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PROPERTY FROM A PRIVATE EUROPEAN COLLECTION

A renaissance gilt-copper quarter striking automaton unicorn table clock, South German, circa 1590
Estimate
100,000150,000
LOT SOLD. 722,500 GBP
JUMP TO LOT
18

PROPERTY FROM A PRIVATE EUROPEAN COLLECTION

A renaissance gilt-copper quarter striking automaton unicorn table clock, South German, circa 1590
Estimate
100,000150,000
LOT SOLD. 722,500 GBP
JUMP TO LOT

Details & Cataloguing

Treasures Including Selected Works from the Collections of the Dukes of Northumberland

|
London

A renaissance gilt-copper quarter striking automaton unicorn table clock, South German, circa 1590
the three train oval steel movement with verge and balance escapement, brass fusees and lipped barrels, striking on two bells, the ogee moulded plinth repousee and chased with strapwork and flowers and with shutters concealing the winding squares, the naturalistically modelled top inset with four dials for hours strike recording, quarters strike recording, regulation and time, chapter ring replaced and now with two hands, the whole surmounted by a well cast and chased figure of a unicorn with moving eyes connected to the escapement and opening his lower jaw with the hour striking,
37cm. 14½in. high
Read Condition Report Read Condition Report

Literature

This clock is illustrated and described in Klaus Maurice, Die Deutsche Räderuhr, p.49, No.295

Catalogue Note

The unicorn is a legendary animal that throughout the mediaeval and renaissance periods was believed to a real creature originating in India. Portrayed in the form of a horse or horse/goat with a long spiral horn, the unicorn was a strong animal, secretive in nature and extremely difficult to capture. Renowned as a symbol of purity and chastity, it was believed that only a virgin could tame a unicorn. This exquisite clock depicts the unicorn in fine detail and, whilst first appearing to be almost pure horse with a horn, the cloven hooves allude to the goat element of the story.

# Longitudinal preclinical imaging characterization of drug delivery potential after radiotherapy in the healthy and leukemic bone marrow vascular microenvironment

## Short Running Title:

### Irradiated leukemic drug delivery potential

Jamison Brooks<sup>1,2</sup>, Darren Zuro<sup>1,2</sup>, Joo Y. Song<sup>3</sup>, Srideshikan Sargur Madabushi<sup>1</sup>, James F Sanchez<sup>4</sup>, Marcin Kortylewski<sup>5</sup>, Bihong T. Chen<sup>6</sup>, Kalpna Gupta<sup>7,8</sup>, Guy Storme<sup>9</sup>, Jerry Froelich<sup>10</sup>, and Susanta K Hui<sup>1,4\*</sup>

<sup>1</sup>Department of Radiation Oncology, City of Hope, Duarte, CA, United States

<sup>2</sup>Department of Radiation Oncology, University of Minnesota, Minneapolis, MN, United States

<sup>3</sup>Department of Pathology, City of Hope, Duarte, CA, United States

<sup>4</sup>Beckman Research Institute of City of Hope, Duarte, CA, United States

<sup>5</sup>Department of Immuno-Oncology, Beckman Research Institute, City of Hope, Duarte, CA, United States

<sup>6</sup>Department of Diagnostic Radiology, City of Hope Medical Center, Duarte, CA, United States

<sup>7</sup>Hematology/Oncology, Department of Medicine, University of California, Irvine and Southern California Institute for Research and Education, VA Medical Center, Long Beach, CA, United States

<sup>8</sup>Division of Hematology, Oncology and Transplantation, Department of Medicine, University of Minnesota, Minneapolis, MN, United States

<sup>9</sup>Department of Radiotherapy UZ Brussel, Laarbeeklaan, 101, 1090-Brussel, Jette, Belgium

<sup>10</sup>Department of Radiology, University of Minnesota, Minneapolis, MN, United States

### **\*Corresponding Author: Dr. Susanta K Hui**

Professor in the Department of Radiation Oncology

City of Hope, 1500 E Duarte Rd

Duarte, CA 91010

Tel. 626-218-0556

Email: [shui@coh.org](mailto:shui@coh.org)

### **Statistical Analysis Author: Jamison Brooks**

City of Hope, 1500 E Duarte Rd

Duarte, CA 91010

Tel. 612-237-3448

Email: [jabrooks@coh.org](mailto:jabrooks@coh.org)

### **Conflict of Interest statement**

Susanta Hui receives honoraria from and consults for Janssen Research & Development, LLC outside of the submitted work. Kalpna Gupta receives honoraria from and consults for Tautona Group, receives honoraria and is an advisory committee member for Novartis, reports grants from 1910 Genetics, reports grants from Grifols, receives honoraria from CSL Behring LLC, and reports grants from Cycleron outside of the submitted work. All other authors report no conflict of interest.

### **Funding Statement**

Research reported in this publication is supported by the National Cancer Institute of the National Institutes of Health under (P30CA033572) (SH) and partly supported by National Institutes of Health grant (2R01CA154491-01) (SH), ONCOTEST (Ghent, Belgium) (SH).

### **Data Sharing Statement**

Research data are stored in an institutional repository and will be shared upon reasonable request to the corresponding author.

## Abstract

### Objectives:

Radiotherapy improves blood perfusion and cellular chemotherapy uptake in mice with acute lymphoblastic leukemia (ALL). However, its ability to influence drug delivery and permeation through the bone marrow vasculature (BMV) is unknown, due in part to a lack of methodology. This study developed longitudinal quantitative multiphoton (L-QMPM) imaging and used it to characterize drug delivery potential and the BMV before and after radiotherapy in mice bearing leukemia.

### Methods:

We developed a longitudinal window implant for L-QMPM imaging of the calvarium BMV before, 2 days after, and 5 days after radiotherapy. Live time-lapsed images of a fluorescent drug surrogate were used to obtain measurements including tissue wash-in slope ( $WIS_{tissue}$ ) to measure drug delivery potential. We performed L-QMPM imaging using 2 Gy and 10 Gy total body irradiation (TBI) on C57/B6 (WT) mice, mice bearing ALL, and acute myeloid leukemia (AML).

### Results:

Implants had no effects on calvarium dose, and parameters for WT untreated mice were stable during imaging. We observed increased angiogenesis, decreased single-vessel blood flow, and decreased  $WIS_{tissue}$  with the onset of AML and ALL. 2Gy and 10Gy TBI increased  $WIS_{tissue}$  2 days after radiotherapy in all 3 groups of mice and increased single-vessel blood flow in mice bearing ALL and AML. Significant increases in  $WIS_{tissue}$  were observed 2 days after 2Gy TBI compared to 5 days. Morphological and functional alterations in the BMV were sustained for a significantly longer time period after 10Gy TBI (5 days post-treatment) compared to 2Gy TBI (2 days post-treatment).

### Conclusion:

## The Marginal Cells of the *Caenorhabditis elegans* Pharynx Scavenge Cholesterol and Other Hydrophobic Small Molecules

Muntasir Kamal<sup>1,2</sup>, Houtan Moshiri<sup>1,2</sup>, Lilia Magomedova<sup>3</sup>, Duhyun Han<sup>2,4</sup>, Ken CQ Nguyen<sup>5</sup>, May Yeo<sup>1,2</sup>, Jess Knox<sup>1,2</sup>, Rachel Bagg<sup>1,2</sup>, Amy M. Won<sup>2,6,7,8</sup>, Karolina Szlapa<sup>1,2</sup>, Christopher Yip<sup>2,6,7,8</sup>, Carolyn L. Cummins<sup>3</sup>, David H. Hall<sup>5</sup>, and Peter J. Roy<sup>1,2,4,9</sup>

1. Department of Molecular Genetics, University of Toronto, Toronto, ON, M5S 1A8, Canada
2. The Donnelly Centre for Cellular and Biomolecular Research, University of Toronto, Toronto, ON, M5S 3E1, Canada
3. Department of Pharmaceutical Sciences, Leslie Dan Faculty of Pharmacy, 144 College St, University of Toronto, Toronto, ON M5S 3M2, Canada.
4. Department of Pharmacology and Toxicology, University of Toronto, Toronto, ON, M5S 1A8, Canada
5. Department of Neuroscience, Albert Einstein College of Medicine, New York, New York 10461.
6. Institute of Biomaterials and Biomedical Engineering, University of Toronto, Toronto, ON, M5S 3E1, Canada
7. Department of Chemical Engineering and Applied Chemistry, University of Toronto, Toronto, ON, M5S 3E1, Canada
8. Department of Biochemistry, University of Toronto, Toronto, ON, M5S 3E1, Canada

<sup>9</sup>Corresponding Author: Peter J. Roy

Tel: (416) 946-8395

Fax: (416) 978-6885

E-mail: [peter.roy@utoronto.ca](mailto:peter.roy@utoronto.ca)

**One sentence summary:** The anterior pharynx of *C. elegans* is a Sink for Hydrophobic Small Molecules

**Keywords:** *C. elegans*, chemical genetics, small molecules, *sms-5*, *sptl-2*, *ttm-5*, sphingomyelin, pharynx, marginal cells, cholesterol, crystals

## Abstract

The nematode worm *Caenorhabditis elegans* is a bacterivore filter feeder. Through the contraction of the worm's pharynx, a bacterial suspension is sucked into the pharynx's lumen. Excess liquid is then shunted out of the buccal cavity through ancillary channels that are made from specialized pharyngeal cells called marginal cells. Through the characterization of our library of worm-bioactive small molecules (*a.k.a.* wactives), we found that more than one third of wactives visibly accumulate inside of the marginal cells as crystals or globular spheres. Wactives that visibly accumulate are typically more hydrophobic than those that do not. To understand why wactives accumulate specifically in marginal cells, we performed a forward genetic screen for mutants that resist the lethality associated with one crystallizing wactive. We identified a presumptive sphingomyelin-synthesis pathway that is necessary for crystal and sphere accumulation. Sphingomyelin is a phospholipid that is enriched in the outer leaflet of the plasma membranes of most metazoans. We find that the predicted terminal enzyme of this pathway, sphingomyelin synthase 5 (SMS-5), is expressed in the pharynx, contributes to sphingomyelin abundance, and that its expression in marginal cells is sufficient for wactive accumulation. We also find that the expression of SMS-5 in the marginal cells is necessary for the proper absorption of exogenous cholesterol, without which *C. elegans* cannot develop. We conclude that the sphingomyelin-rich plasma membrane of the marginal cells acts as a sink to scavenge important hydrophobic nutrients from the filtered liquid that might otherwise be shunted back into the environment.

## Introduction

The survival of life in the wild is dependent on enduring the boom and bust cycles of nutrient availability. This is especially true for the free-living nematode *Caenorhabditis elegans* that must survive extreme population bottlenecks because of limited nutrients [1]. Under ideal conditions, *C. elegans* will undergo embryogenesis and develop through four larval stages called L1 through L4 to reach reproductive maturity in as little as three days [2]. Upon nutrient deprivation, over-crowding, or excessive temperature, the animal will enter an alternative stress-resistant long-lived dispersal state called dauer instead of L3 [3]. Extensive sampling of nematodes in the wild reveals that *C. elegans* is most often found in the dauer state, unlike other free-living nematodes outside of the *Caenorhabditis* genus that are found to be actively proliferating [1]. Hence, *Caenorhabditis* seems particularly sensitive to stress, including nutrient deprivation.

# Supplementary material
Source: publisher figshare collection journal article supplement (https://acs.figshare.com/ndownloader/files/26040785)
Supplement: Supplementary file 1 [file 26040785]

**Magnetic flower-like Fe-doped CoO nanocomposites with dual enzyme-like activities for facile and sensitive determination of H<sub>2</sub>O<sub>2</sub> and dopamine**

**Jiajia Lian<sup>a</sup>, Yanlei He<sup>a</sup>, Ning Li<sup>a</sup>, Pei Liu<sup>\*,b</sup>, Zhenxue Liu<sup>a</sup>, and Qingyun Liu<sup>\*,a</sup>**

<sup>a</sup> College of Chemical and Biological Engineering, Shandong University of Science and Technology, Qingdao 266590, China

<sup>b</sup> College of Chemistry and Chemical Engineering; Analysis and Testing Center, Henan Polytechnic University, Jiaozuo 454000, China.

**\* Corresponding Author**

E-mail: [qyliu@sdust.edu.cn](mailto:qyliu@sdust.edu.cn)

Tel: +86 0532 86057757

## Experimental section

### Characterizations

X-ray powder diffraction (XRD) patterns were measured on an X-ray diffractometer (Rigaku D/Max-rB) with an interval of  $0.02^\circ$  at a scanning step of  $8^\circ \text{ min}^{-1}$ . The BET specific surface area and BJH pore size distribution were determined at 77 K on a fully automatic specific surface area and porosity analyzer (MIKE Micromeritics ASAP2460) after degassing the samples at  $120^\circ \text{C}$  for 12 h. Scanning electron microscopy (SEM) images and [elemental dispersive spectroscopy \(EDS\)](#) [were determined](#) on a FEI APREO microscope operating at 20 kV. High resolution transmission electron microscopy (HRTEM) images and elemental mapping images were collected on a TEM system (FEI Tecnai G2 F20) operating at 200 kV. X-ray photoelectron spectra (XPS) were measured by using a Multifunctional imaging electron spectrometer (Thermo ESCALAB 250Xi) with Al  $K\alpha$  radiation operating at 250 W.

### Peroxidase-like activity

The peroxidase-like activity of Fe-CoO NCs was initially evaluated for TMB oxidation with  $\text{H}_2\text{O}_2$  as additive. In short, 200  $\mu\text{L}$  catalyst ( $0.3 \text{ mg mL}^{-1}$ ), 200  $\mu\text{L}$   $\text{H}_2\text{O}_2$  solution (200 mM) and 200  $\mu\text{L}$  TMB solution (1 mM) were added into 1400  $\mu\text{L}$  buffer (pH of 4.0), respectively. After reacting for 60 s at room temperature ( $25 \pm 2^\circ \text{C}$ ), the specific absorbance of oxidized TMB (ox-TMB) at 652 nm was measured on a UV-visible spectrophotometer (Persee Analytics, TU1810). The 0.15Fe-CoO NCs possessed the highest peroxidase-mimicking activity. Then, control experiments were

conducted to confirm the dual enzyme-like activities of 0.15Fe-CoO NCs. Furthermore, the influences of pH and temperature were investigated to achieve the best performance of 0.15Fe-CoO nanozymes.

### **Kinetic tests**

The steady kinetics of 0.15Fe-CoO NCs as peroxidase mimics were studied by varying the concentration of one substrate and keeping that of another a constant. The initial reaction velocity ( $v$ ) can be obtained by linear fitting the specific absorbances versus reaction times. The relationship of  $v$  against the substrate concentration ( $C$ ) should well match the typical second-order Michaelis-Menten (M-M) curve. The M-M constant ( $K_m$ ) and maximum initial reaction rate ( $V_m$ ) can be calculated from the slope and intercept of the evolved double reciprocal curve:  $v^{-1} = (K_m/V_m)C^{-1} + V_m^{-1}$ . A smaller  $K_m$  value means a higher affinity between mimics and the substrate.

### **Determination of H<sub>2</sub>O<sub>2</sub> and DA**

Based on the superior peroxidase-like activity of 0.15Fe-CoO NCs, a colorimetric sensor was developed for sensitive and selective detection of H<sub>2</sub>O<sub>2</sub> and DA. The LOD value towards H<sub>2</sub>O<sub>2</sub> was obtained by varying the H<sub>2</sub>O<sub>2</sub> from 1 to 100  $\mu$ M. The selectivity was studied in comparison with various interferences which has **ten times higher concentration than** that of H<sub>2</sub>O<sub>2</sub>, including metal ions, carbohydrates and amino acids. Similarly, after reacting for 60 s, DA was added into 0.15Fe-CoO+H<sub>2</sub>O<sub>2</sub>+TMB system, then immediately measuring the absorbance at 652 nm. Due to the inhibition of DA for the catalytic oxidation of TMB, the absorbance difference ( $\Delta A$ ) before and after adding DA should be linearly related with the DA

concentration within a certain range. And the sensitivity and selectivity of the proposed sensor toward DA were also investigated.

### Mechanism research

Some of the finest clocks of the late 16th Century were produced in South Germany, centred around Augsburg. This clock, though unsigned and without a town mark, is of fine quality and has an oval base with decoration typical of the area and period. During the last quarter of the 16th Century a fashion developed for novelty clocks incorporating automaton figures of exotic or mythological creatures such as camels, bears, lions, eagles and gryphons. The present clock appears to be the only recorded representation of a unicorn from that period and is a particularly elegant and fine example.

Treasures Including Selected Works from the Collections of the Dukes of Northumberland

|
London